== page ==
Daniel Beck observes that academic scholars commonly at first suppose that the letters conveyed textual information regarding the scribes or manuscripts used during the inital compilation process of the Quranic materials. Indeed, it is tempting to imagine the letters were the initals of scribes or an alphabetic index of small collections of surahs. Generally (like Noldeke), they abandon such a view when exposed to other considerations.[4] The main motivation for preferring to view them instead as features of the original recitation is the one mentioned above - the observation that the letters almost always immediately precede mention of the Quran or revelation itself. Other reasons include the observation that the letter combinations tend to rhyme (or near-rhyme) with the rhyming schema of the verses which follow them.[8]

    Within this perspective, Beck explains that both early modern academic as well as Islamic scholars supposed that the letters were abbreviations for Arabic words whose referents were forgotten after Muhammad's death. The dominant view today among academic scholars is instead that the letters are not abbreviations for words (the "no referents" view), but rather convey the idea of Arabic letters or its alphabet in some mystical sense, a kind of mantic performance, akin to chanting "abracadabra" or ABC 123 in English. Beck challenges this view due to the lack of late antique precedent and the pattern noted above wherein there is a lack of diversity of combinations in the third Meccan period as well as other observations such as the strong concentration of occurances in that period and an almost complete cessation thereafter. Beck's own proposal is a referents theory associated with the needs of a certain period leading up to Muhammad's political ascendancy.

    Other observations by historical-critical academic scholars include:

    1. The muqatta`āt are already present in the earliest Quranic manuscripts (as noted in more detail above).

    2. The rasm of each of the muqatta`āt is unique.[4] In the case of ي, it is only found initially, so its rasm is unique, too. Except for ي and ن, each letter has no dots. In the case of ن, the dot is usually omitted in handwriting in the final and isolated cases.

    3. The final six letters of the Arabic alphabet (in the 'abjad' sequence) are not used.[4]

    4. The muqatta`āt are not distributed at random. 'Alif Lām Mīm occurs in two consecutive sets of surahs: 2-3 and 29-32 (and 'Alif Lām Mīm Ṣād in sura 7). Between these ranges, 'Alif Lām Rā' occurs in the consecutive surahs 10-15. Ḥā' Mīm occurs in the consecutive surahs 40-46. Ṭā' Sīn Mīm occurs in the non-consecutive surahs 26 and 28. However, if Ṭā' Sīn is really Ṭā' Sīn Mīm, then the latter also occurs in consecutive surahs.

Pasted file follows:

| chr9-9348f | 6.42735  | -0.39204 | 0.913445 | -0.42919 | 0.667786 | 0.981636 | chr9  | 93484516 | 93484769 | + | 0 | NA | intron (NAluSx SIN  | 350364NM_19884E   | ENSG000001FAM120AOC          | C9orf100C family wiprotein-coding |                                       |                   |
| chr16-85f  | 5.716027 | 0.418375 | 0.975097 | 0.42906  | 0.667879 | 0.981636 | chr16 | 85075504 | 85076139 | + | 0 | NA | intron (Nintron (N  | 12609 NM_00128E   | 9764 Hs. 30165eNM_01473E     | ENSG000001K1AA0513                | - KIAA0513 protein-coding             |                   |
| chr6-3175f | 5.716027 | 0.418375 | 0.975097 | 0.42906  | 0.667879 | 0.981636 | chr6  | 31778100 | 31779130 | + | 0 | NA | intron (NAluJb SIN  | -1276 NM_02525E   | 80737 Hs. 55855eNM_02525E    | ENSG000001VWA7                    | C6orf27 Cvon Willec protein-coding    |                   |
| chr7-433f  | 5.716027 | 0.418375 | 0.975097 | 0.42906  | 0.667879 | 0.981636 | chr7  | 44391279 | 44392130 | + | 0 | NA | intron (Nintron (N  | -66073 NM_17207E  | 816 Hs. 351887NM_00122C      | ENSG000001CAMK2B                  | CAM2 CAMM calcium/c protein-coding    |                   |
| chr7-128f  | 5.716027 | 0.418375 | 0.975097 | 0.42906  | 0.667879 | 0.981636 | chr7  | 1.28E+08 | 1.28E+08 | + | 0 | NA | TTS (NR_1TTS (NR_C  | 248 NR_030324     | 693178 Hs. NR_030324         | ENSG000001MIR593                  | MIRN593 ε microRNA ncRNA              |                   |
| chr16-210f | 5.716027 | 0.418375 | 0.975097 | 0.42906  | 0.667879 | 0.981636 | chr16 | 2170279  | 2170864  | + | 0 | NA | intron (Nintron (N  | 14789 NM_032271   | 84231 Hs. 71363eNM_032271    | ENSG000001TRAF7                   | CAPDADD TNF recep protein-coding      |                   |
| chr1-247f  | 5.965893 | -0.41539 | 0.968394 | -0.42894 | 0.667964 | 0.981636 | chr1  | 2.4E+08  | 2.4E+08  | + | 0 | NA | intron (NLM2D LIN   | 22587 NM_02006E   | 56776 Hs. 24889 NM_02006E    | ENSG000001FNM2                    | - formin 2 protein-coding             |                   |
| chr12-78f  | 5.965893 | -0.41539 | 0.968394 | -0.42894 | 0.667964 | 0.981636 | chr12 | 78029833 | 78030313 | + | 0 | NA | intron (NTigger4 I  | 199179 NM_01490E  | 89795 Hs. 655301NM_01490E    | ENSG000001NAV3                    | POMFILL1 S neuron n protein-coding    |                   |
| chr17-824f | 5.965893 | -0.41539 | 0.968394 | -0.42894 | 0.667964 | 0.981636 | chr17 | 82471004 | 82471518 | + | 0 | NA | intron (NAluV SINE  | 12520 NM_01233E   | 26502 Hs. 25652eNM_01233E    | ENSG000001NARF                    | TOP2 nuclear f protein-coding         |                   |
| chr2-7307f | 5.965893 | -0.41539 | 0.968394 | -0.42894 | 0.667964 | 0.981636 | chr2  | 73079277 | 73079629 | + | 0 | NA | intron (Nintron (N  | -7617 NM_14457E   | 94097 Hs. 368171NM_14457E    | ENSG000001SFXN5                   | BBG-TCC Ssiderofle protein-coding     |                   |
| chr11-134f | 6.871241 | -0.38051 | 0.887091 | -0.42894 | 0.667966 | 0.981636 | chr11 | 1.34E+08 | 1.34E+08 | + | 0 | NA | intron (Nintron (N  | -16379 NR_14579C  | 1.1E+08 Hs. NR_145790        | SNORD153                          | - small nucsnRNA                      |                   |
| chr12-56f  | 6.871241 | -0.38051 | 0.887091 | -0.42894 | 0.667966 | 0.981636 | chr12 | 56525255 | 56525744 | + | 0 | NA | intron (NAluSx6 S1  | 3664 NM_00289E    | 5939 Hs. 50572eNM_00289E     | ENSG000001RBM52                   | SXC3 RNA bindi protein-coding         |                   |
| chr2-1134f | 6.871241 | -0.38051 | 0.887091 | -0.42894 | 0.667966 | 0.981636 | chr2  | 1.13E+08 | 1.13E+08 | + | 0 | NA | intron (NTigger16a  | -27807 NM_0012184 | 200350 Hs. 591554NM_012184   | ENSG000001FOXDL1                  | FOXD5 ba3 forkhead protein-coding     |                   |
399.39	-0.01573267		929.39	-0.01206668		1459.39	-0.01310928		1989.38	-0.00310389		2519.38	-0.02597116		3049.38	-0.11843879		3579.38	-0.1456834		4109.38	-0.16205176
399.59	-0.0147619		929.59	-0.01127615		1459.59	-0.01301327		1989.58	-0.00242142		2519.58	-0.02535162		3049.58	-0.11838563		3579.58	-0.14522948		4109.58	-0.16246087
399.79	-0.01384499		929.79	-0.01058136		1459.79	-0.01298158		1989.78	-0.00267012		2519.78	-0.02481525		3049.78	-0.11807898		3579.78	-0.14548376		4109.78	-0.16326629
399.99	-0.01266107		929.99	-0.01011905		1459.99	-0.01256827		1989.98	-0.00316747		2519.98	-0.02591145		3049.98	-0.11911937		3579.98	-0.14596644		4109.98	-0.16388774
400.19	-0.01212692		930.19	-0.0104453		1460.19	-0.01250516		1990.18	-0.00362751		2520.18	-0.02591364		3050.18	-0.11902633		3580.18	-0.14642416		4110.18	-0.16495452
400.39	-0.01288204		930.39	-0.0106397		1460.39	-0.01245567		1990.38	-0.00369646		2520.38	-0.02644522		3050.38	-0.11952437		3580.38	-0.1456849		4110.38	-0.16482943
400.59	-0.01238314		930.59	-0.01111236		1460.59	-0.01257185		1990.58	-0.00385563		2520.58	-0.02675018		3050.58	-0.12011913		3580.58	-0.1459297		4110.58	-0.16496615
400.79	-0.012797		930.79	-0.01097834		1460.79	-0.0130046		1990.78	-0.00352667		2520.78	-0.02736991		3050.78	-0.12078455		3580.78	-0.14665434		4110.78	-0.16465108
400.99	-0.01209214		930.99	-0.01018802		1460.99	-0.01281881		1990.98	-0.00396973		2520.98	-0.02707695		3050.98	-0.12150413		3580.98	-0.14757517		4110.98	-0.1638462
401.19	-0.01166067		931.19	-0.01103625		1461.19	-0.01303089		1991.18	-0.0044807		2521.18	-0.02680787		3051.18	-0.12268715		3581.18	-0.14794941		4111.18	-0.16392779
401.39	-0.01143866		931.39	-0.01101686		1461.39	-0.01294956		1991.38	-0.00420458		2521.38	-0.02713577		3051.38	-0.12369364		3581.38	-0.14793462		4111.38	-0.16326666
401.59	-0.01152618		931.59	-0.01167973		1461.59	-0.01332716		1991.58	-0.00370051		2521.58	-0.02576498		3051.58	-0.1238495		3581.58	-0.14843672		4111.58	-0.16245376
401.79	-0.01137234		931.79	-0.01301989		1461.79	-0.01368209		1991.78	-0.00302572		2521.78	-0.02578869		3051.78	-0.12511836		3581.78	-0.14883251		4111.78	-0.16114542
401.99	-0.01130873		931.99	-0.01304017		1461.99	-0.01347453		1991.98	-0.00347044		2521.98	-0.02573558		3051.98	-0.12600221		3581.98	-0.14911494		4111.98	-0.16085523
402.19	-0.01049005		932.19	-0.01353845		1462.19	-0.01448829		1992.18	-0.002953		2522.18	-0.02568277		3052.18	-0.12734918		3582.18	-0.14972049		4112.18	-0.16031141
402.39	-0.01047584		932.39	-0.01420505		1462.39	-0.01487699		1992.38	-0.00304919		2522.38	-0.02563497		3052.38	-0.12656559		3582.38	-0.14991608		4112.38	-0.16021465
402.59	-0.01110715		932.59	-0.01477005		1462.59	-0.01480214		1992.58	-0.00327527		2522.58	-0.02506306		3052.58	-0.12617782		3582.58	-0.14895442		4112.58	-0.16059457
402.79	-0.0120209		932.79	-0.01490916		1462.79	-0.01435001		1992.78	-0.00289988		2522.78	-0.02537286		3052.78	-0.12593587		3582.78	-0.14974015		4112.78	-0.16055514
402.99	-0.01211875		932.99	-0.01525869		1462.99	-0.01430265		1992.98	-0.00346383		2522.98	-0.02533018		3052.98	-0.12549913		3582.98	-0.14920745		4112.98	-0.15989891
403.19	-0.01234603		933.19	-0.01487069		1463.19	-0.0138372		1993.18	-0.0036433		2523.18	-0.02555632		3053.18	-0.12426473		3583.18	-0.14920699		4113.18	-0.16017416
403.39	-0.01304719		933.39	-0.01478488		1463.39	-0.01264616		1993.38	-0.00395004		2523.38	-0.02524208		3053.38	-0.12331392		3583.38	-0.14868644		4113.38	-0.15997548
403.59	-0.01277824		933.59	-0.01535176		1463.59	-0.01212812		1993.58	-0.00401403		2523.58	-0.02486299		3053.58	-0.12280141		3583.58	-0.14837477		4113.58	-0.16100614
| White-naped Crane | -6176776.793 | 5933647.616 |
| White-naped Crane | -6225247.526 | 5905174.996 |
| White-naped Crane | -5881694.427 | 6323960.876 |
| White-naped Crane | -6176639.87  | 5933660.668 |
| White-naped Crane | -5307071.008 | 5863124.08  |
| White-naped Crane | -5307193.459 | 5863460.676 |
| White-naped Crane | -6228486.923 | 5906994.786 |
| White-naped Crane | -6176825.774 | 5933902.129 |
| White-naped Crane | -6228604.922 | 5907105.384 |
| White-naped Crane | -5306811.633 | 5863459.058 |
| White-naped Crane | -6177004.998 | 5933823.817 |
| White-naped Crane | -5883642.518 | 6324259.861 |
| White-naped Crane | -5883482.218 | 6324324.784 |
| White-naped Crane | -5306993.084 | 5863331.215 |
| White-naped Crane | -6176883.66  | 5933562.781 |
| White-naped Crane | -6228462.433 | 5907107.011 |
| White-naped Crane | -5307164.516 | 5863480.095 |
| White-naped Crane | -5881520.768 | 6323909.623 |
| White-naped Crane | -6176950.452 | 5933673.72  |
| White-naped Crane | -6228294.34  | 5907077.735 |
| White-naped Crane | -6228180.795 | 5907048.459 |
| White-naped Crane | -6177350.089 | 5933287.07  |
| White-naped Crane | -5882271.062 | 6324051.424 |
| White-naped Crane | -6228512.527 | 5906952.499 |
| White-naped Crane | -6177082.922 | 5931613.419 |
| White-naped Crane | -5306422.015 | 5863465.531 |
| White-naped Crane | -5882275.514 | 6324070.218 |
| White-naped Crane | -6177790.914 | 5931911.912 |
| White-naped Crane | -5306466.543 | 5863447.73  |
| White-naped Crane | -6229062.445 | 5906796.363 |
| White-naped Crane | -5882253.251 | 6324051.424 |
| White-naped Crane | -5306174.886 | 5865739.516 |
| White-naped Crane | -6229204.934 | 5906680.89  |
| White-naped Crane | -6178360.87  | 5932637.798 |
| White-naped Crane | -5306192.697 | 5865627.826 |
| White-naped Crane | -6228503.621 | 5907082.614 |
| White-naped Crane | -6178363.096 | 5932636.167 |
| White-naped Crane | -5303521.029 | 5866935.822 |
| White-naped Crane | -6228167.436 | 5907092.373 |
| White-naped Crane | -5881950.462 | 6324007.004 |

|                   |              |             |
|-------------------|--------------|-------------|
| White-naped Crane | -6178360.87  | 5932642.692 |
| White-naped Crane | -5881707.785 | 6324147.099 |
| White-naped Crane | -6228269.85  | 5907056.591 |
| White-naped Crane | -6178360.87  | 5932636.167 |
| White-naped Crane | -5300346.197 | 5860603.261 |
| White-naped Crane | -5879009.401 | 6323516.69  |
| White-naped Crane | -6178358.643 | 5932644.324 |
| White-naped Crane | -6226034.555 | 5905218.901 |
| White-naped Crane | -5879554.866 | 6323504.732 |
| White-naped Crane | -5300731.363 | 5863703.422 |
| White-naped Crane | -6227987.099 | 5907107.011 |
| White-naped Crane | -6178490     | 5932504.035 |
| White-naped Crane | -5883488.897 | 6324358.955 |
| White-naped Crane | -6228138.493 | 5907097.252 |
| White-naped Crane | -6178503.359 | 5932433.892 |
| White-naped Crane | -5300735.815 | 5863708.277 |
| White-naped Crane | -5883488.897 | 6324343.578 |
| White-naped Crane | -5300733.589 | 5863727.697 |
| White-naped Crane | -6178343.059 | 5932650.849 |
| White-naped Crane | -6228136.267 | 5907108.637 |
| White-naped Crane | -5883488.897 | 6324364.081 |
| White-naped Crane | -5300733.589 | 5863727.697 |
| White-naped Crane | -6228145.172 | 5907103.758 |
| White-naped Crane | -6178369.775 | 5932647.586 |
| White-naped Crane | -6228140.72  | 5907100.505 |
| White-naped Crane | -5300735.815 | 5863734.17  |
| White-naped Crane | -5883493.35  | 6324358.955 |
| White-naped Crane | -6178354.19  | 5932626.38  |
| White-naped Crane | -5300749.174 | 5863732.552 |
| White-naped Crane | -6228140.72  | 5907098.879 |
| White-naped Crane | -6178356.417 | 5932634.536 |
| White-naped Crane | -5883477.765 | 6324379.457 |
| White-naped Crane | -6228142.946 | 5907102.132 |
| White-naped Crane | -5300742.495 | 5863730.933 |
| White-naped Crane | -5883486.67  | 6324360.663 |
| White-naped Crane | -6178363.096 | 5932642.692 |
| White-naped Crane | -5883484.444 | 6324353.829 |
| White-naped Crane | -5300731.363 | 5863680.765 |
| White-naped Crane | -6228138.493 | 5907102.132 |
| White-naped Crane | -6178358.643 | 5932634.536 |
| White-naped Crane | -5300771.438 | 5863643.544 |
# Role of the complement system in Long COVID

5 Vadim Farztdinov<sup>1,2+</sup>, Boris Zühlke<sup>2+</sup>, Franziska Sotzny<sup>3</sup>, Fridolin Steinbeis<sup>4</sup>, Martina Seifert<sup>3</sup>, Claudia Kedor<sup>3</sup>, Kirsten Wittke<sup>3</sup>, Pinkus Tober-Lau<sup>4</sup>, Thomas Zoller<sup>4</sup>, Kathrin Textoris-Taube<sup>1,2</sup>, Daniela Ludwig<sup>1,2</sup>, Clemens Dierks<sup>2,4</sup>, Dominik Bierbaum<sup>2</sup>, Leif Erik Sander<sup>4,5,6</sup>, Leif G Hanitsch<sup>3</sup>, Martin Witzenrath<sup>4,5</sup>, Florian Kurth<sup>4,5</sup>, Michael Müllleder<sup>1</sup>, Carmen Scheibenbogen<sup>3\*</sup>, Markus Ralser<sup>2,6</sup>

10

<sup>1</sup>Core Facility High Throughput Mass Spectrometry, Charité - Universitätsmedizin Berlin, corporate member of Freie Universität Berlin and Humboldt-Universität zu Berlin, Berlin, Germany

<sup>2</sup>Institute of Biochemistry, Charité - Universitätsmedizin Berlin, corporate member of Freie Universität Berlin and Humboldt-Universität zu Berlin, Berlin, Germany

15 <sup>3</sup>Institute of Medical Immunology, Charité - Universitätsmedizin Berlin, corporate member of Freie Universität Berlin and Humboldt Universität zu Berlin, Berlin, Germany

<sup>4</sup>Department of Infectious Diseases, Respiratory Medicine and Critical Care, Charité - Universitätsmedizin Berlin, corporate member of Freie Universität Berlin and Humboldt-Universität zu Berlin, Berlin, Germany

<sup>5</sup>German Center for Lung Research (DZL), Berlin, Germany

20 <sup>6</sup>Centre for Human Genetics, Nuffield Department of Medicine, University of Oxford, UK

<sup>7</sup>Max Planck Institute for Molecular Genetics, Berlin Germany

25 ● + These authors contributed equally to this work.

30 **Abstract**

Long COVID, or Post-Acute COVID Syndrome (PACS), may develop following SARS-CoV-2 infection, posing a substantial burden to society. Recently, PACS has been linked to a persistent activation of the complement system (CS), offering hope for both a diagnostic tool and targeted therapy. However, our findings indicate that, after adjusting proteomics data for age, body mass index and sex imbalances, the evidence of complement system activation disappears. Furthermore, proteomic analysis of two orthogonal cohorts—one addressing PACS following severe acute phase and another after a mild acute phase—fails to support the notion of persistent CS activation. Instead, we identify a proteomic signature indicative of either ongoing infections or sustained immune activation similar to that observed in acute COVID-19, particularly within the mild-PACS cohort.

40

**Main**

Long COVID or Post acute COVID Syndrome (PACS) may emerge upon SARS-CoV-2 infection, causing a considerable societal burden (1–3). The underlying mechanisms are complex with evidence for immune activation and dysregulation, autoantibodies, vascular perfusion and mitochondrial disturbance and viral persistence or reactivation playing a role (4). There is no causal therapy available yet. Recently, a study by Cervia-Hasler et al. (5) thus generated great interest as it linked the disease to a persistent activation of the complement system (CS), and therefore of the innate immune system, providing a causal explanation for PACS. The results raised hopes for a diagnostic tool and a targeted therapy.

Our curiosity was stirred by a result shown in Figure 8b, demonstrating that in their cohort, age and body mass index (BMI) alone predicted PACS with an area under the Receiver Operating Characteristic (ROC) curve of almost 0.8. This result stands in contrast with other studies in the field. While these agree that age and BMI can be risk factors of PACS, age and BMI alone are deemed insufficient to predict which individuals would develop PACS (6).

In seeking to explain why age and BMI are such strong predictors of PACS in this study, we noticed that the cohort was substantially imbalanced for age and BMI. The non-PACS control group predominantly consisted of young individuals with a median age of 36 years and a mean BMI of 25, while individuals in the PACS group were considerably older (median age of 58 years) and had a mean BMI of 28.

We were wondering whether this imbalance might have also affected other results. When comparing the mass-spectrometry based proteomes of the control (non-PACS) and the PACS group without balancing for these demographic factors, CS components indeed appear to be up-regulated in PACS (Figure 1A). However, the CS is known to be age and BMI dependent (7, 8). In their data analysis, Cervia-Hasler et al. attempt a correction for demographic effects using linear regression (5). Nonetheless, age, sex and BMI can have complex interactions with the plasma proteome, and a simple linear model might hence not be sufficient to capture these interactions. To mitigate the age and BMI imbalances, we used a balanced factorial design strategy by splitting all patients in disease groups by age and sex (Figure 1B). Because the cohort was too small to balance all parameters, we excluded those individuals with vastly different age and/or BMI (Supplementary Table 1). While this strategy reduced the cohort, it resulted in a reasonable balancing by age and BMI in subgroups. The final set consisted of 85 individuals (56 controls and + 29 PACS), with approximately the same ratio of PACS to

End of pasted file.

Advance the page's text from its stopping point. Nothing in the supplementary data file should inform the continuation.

These other points on their own would seem to be supportive of theories linking the letters to the initial compilation of the scripture; perhaps the initials of the scribes who worked to make the original copy of the complete Quran (a theory slightly complicated by the presence of two sets of muqatta`āt in Surah 42), or some kind of filing system for the source parchments, although it is to be noted that when the Quran was compiled into a single book a general sequence of longest to shortest surahs was used (a method employed also in other late antique literary compilations). The source materials for the muqatta'at surahs would not likely each have contained only surahs of similar size such that their sequences would be largely maintained in the compiled Quran. It has at the same time, however, been noted that the consecutive sequence of Ḥā' Mīm surahs (which are even consecutive in the reported non-standard surah sequences of early Companion codices) form a clear literally unit with similar themes.

    See Also


    1. For discussion and images see this thread by Quranic manuscripts academic expert Marijn van Putten - 8 December 2021 (archive)
    2. See line 24 of Folio 22 A transcribed on page 63 in Sadeghi, Behnam; Goudarzi, Mohsen (2012). Ṣan'ā' 1 and the Origins of the Qur'ān. Der Islam. Berlin: De Gruyter. 87 (1–2): 1–129. doi: 10.1515/islam-2011-0025
    3. 3.0 3.1 Based on Yūsuf `Alī's discussion in Appendix 1 of his translation of the Qur'an (p. 124): Yūsuf `Alī, `Abdullah, The Holy Qur'ān: Text, Translation and Commentary, New Revised Edition, Amana Corporation, Brentwood, MD, USA, 1989. ISBN 0-915957-033-5
    4. 4.0 4.1 4.2 4.3 Daniel Beck (2020) Reconnecting Al-Ḥurūf Al-Muqaṭṭa'āt To Oracular Truth-A New Chronological Analysis of the Qur'ān's Mysterious Letters"
    5. Michael R. Rose; Casandra L. Rauser; Laurence D. Mueller; Javed Ahmed Ghamidi, Shehzad Saleem (July 2003). "Al-Baqarah (1-7)". Renaissance. 
    6. Rashad Khalifa, Quran: Visual Presentation of the Miracle, Islamic Productions International, 1982. ISBN 0-934894-30-2
    7. Islahi, Amin Ahsan. Taddabur-i-Quran. Faraan Foundation. pp. 82-85, 2004. 
    8. Devin Stewart, "Notes on Medieval and Modern Emendations of the Qur'an." Pp. 225-48 in The Qur'an in Its Historical Context. Ed. Gabriel Said Reynolds. London: Routledge, 2008. See p. 234.